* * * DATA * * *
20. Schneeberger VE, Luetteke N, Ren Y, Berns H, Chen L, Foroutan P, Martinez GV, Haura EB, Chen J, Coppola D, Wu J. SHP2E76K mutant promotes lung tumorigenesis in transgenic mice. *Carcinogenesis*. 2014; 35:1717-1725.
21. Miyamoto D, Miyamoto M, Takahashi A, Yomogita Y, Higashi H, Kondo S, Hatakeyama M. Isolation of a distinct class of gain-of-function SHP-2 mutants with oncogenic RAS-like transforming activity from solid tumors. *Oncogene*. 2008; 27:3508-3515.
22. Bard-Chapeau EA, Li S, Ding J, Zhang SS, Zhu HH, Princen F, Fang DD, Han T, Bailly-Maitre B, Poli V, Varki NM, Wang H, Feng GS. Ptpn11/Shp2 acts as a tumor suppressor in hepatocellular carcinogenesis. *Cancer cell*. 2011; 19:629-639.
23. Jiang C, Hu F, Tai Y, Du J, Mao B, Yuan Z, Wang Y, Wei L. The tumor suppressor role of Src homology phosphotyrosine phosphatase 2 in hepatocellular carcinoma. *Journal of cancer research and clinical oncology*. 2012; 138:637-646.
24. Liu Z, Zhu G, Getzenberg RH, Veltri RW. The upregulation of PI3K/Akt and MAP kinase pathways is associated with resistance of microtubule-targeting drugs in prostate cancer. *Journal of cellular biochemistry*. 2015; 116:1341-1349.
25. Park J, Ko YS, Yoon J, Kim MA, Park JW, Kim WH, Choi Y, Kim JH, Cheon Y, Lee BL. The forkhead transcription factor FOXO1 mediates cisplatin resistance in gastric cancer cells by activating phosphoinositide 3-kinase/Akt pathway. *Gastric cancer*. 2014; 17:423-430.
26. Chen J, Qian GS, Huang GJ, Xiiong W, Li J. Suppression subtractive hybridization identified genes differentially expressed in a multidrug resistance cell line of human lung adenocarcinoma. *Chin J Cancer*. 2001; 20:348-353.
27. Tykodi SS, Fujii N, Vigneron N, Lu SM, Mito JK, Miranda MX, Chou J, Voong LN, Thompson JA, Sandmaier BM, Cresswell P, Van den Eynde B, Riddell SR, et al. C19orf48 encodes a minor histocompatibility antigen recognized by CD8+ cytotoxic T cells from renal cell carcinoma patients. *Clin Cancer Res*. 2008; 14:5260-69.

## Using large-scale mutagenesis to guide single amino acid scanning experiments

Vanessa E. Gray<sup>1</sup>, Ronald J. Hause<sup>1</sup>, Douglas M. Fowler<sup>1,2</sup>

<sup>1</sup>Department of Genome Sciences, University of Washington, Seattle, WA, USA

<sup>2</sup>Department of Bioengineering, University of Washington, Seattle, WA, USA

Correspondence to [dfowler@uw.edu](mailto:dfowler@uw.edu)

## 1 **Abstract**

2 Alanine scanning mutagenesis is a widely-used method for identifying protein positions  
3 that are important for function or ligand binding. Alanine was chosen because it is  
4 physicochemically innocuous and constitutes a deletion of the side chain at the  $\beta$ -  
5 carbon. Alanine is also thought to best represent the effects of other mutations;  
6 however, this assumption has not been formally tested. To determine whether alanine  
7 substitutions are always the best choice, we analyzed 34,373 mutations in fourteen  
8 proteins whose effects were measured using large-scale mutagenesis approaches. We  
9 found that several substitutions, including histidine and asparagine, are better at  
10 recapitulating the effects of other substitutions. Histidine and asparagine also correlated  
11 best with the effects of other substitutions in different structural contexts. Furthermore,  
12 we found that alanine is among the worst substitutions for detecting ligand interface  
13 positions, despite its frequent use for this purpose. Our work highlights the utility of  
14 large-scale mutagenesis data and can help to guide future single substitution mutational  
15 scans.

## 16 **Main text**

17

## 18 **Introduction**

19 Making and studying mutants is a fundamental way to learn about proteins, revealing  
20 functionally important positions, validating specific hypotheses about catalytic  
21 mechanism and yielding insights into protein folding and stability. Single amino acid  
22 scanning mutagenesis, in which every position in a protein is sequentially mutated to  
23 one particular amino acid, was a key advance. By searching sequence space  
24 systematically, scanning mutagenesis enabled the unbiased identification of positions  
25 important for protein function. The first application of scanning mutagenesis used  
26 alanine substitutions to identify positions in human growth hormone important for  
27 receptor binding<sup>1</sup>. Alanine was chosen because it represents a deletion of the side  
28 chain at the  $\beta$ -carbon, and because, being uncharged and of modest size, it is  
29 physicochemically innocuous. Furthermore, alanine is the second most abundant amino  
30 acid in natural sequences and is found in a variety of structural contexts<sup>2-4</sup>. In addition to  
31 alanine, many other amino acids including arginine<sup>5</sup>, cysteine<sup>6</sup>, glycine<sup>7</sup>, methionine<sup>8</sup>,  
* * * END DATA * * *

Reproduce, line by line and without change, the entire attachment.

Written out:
20. Schneeberger VE, Luetteke N, Ren Y, Berns H, Chen L, Foroutan P, Martinez GV, Haura EB, Chen J, Coppola D, Wu J. SHP2E76K mutant promotes lung tumorigenesis in transgenic mice. *Carcinogenesis*. 2014; 35:1717-1725.
21. Miyamoto D, Miyamoto M, Takahashi A, Yomogita Y, Higashi H, Kondo S, Hatakeyama M. Isolation of a distinct class of gain-of-function SHP-2 mutants with oncogenic RAS-like transforming activity from solid tumors. *Oncogene*. 2008; 27:3508-3515.
22. Bard-Chapeau EA, Li S, Ding J, Zhang SS, Zhu HH, Princen F, Fang DD, Han T, Bailly-Maitre B, Poli V, Varki NM, Wang H, Feng GS. Ptpn11/Shp2 acts as a tumor suppressor in hepatocellular carcinogenesis. *Cancer cell*. 2011; 19:629-639.
23. Jiang C, Hu F, Tai Y, Du J, Mao B, Yuan Z, Wang Y, Wei L. The tumor suppressor role of Src homology phosphotyrosine phosphatase 2 in hepatocellular carcinoma. *Journal of cancer research and clinical oncology*. 2012; 138:637-646.
24. Liu Z, Zhu G, Getzenberg RH, Veltri RW. The upregulation of PI3K/Akt and MAP kinase pathways is associated with resistance of microtubule-targeting drugs in prostate cancer. *Journal of cellular biochemistry*. 2015; 116:1341-1349.
25. Park J, Ko YS, Yoon J, Kim MA, Park JW, Kim WH, Choi Y, Kim JH, Cheon Y, Lee BL. The forkhead transcription factor FOXO1 mediates cisplatin resistance in gastric cancer cells by activating phosphoinositide 3-kinase/Akt pathway. *Gastric cancer*. 2014; 17:423-430.
26. Chen J, Qian GS, Huang GJ, Xiiong W, Li J. Suppression subtractive hybridization identified genes differentially expressed in a multidrug resistance cell line of human lung adenocarcinoma. *Chin J Cancer*. 2001; 20:348-353.
27. Tykodi SS, Fujii N, Vigneron N, Lu SM, Mito JK, Miranda MX, Chou J, Voong LN, Thompson JA, Sandmaier BM, Cresswell P, Van den Eynde B, Riddell SR, et al. C19orf48 encodes a minor histocompatibility antigen recognized by CD8+ cytotoxic T cells from renal cell carcinoma patients. *Clin Cancer Res*. 2008; 14:5260-69.

## Using large-scale mutagenesis to guide single amino acid scanning experiments

Vanessa E. Gray<sup>1</sup>, Ronald J. Hause<sup>1</sup>, Douglas M. Fowler<sup>1,2</sup>

<sup>1</sup>Department of Genome Sciences, University of Washington, Seattle, WA, USA

<sup>2</sup>Department of Bioengineering, University of Washington, Seattle, WA, USA

Correspondence to [dfowler@uw.edu](mailto:dfowler@uw.edu)

## 1 **Abstract**

2 Alanine scanning mutagenesis is a widely-used method for identifying protein positions  
3 that are important for function or ligand binding. Alanine was chosen because it is  
4 physicochemically innocuous and constitutes a deletion of the side chain at the  $\beta$ -  
5 carbon. Alanine is also thought to best represent the effects of other mutations;  
6 however, this assumption has not been formally tested. To determine whether alanine  
7 substitutions are always the best choice, we analyzed 34,373 mutations in fourteen  
8 proteins whose effects were measured using large-scale mutagenesis approaches. We  
9 found that several substitutions, including histidine and asparagine, are better at  
10 recapitulating the effects of other substitutions. Histidine and asparagine also correlated  
11 best with the effects of other substitutions in different structural contexts. Furthermore,  
12 we found that alanine is among the worst substitutions for detecting ligand interface  
13 positions, despite its frequent use for this purpose. Our work highlights the utility of  
14 large-scale mutagenesis data and can help to guide future single substitution mutational  
15 scans.

## 16 **Main text**

17

## 18 **Introduction**

19 Making and studying mutants is a fundamental way to learn about proteins, revealing  
20 functionally important positions, validating specific hypotheses about catalytic  
21 mechanism and yielding insights into protein folding and stability. Single amino acid  
22 scanning mutagenesis, in which every position in a protein is sequentially mutated to  
23 one particular amino acid, was a key advance. By searching sequence space  
24 systematically, scanning mutagenesis enabled the unbiased identification of positions  
25 important for protein function. The first application of scanning mutagenesis used  
26 alanine substitutions to identify positions in human growth hormone important for  
27 receptor binding<sup>1</sup>. Alanine was chosen because it represents a deletion of the side  
28 chain at the  $\beta$ -carbon, and because, being uncharged and of modest size, it is  
29 physicochemically innocuous. Furthermore, alanine is the second most abundant amino  
30 acid in natural sequences and is found in a variety of structural contexts<sup>2-4</sup>. In addition to  
31 alanine, many other amino acids including arginine<sup>5</sup>, cysteine<sup>6</sup>, glycine<sup>7</sup>, methionine<sup>8</sup>,  